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Is 3 years old too young for swim lessons? Not if you follow our tips

Learning how to swim is an invaluable life lesson every adult should know, and which every child should be taught. Whether at the neighborhood swimming pool, a private venue, or a trip out on a boat, everyone will experience time near a body of water at some point in their lives. And with that experience comes the risk of entering the water in some way or another. It takes the average adult less than 40 seconds to drown. For a child, the time is cut in half, taking a mere 20 seconds to lose your little one to a tragic accident. If you are a parent, now is the time to start thinking about teaching your child how to swim, or perhaps consider swim lessons offered at your local health club or through your child’s school.

How soon is too soon?

When it comes to learning how to swim, babies as young as 1 year old can be taught – and taught effectively – how to turn over should they enter the water and tread back to the side of a swimming pool. In fact, the American Academy of Pediatrics recommends parents with children as young as age 1 to begin teaching or researching a pediatric swimming instructor to teach your baby how to swim. According to the AAP, “Your child should learn basic swim skills: entering the water, coming to the surface, turning around, propelling through the water for at least 25 yards, and being able to exit the water.”

It’s recommended that parents use these swim times as an opportunity to openly communicate with their children about pool safety. This will vary depending on your child’s age and what is appropriate based on it; what’s important is that the educational aspect of swim safety begins as early as the training itself.

As always, safety first

Because infants can drown in less than 2 inches of water in less than 30 seconds, safety precautions must be taken anytime a baby is taken into or around a swimming pool, lake, ocean, or any other body of water. By following the following recommendations, parents can begin to instill the importance of these safety measures indirectly with their children and begin building the bond of trust by ensuring nothing negative takes place. A few general pool safety rules and protocols as recommended by the Gateway Region YMCA include:

  • Never swim alone. Like the buddy system, this prevents unexpected drownings.
  • Supervise children at all times while they are in the water. This includes putting aside your phone, books, magazines, or any other possible distractions.
  • Don’t play breath-holding games. Children are easily influenced by their peers and could compete in this game with tragic consequences.
  • Always wear a life vest. If your child has not mastered the art of swimming, using a life vest is highly recommended.
  • Don’t jump in the water to save a friend. Drowning victims will cling to anyone and anything to prevent drowning. This often results in both victim and rescuer losing their lives.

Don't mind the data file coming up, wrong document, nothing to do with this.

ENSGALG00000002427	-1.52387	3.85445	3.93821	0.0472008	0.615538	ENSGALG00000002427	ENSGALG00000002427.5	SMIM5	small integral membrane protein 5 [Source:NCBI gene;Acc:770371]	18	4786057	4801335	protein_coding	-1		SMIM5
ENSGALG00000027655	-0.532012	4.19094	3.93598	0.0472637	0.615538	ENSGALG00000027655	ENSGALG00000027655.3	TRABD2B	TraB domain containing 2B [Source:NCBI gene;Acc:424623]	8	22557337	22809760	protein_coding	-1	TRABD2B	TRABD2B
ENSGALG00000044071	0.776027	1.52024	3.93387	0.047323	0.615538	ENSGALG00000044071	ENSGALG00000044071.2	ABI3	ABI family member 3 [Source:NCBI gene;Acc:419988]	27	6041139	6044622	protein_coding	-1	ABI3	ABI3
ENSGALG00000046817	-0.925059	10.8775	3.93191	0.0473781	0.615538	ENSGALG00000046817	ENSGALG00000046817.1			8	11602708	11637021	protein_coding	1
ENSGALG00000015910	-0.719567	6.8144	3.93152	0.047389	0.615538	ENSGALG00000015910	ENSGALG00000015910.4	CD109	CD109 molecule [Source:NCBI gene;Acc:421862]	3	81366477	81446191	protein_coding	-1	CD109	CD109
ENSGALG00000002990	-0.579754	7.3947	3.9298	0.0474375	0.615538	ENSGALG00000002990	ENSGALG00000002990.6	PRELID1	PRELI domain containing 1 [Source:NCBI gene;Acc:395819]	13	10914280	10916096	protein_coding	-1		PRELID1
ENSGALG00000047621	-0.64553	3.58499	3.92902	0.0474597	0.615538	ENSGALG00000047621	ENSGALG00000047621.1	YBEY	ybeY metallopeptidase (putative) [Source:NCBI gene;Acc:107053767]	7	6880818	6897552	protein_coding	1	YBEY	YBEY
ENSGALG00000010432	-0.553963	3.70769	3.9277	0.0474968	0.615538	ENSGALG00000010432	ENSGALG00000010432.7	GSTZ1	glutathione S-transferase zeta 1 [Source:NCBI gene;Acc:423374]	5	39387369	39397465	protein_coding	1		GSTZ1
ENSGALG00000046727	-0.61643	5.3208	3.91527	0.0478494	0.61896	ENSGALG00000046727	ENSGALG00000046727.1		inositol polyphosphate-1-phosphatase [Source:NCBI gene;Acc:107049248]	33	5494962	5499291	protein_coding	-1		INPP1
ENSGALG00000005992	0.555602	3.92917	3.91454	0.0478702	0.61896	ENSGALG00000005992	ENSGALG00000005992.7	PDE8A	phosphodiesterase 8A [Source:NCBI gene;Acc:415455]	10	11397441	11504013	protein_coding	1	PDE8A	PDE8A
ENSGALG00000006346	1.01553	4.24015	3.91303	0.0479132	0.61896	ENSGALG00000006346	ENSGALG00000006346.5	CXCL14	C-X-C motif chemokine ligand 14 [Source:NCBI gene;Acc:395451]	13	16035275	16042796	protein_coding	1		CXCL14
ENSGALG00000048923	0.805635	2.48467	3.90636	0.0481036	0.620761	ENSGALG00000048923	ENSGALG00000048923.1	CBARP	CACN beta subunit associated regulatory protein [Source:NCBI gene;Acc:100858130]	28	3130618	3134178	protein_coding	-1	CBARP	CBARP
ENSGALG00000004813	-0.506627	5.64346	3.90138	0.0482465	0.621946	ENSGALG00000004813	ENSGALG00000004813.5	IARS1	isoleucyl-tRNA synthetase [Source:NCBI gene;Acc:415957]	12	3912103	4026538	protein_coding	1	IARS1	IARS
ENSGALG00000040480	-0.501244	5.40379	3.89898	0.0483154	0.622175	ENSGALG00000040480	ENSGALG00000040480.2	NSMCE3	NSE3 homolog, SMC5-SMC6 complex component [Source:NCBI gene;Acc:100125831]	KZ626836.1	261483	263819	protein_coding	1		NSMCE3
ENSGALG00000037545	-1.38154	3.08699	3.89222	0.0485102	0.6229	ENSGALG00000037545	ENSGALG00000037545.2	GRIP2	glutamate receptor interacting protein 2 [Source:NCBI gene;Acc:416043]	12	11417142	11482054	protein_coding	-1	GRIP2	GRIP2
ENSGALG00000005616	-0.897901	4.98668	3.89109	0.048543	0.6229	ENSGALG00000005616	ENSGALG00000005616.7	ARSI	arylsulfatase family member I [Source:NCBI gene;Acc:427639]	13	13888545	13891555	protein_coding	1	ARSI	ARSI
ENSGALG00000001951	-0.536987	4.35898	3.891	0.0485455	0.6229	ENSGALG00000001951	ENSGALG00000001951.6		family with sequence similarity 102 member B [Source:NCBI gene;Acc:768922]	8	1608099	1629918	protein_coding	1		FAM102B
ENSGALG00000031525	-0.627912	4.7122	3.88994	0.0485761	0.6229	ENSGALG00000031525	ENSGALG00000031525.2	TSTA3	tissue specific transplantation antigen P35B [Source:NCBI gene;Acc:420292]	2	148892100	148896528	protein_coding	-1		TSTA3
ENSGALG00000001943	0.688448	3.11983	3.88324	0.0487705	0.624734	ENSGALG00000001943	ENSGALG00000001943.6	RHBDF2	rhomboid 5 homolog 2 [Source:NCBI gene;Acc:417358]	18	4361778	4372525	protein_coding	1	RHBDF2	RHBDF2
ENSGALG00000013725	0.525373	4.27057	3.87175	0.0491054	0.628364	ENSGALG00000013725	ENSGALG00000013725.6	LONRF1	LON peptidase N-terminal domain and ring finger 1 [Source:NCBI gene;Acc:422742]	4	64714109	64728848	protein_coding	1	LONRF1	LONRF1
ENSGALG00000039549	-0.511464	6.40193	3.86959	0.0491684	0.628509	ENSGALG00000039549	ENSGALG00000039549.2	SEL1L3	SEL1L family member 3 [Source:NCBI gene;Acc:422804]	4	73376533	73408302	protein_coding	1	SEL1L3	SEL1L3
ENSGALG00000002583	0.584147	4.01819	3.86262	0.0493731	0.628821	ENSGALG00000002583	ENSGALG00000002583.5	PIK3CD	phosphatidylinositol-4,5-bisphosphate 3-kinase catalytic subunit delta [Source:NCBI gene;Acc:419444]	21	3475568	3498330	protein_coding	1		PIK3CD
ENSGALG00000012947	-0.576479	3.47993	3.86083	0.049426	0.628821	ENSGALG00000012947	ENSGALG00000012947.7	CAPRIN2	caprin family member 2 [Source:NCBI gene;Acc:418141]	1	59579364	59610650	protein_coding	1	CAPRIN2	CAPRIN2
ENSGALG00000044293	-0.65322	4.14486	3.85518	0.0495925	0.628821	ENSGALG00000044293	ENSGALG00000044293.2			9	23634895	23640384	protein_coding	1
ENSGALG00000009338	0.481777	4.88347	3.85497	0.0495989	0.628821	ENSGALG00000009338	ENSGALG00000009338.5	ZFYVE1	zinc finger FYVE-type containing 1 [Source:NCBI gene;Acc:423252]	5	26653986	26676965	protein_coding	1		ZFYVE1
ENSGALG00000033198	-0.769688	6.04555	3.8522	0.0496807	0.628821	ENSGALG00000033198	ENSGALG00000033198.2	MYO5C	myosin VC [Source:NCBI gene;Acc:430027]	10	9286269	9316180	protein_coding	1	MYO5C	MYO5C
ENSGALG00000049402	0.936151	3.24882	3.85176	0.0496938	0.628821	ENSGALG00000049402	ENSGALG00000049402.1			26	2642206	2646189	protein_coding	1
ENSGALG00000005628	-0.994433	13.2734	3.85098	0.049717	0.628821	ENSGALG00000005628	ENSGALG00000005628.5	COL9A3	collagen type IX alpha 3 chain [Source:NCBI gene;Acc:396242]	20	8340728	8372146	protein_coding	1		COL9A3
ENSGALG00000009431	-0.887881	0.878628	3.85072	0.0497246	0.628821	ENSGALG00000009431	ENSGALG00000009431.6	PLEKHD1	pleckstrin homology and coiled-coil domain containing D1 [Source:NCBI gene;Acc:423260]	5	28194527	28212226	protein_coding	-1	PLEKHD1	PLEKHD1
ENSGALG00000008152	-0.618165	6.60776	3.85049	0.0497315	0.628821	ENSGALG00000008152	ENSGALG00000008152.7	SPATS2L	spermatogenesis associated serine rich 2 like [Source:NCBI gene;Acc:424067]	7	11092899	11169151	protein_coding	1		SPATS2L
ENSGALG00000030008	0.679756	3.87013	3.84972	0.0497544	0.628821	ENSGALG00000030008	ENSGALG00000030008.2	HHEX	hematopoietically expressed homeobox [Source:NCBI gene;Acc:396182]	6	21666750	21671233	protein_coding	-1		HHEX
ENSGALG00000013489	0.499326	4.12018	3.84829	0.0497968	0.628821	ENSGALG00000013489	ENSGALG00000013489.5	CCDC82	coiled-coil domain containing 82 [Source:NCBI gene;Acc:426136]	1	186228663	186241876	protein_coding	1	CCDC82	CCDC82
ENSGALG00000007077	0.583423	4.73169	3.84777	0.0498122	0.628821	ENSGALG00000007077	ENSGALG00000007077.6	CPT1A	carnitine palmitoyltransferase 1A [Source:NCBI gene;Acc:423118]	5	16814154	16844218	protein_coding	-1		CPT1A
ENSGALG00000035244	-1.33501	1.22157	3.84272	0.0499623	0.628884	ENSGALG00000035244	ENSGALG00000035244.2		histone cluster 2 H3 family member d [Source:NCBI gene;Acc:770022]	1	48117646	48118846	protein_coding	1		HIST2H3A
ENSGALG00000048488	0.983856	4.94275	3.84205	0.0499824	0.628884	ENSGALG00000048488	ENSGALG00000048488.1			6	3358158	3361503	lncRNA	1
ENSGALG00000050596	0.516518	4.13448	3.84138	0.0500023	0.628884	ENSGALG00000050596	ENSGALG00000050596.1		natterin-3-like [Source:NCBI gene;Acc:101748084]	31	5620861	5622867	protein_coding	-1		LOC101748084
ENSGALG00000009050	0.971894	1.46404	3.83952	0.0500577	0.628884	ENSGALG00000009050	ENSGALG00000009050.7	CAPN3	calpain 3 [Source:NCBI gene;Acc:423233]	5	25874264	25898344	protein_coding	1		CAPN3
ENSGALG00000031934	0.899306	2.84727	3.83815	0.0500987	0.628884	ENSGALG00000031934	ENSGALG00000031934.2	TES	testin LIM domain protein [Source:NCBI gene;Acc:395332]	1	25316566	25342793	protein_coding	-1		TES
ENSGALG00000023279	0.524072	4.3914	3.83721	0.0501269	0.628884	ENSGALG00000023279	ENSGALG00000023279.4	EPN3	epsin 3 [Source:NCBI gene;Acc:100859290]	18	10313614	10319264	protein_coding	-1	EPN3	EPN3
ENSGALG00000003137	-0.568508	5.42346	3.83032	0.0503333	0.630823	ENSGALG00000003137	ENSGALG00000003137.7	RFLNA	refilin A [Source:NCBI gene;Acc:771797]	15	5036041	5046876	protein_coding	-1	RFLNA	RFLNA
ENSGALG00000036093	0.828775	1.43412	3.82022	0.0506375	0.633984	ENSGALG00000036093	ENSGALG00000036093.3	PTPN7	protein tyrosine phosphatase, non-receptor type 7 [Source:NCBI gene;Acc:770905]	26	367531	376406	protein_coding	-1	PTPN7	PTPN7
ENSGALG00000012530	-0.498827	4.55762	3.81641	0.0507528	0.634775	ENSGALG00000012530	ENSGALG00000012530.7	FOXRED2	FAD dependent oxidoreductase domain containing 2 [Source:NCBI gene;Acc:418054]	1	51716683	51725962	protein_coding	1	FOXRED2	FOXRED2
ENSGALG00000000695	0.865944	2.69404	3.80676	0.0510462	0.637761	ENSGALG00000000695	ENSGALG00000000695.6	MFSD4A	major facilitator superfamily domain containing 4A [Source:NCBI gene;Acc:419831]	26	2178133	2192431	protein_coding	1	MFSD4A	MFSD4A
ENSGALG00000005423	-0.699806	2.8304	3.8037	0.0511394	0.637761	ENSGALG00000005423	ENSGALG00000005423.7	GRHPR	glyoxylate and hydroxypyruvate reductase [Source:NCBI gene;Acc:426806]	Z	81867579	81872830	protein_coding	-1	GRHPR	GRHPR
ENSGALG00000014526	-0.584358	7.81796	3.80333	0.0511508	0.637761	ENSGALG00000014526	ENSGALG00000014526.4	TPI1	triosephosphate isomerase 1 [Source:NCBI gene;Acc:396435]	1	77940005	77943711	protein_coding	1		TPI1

• Enter the water feet first. This prevents unintended head injuries.

Where is the best place to start swimming?

The location of your child’s swim lessons will vary depending on which delivery method you choose. If your little one will be taught by an instructor, these educators often use the same pool for each lesson – usually found at local health clubs or schools. By continuing to use the same location for each consecutive lesson, children gain a sense of predictability as well as the same general safety procedures to follow each time. By reinforcing safety with routine, children are much more likely to retain the information taught – especially when instructing younger children. For this reason, parents who choose to instruct their children how to swim themselves should do their best to use the same pool for each lesson until the child becomes comfortable in the water.

And then what?

If you’ve elected to teach your child to swim from home versus using an instructor or class setting, you may be wondering what to do next. You’re likely thinking, “I’ve done the safety talks, we’ve prepped the pool, and we’re ready to teach. Now what?”

  1. In-the-water skills. This involves turning over, breathing, paddling, floating, and finally, submerging the face without breathing in water. Though these seem complex, research has proven that 3-year-old toddlers can be taught these skills easily.
  2. Self-confidence. Though this doesn’t require physical training for you or your child, learning to step back and build your little swimmer’s self-confidence is a huge part of their swimming lessons and skill set. The excitement surrounding swim lessons builds and emboldens their skills in order to “keep up the good work.”

Once you’ve set up the ground rules, emphasized safety, and enhanced security and awareness while around the pool area, the act of teaching a child to swim is not in fact hard. The key steps involved include patience, consistency, calmness, and praise. If these recommendations are followed, a safe and fun swimming experience should be enjoyed by all, including your 3-year-old toddler.

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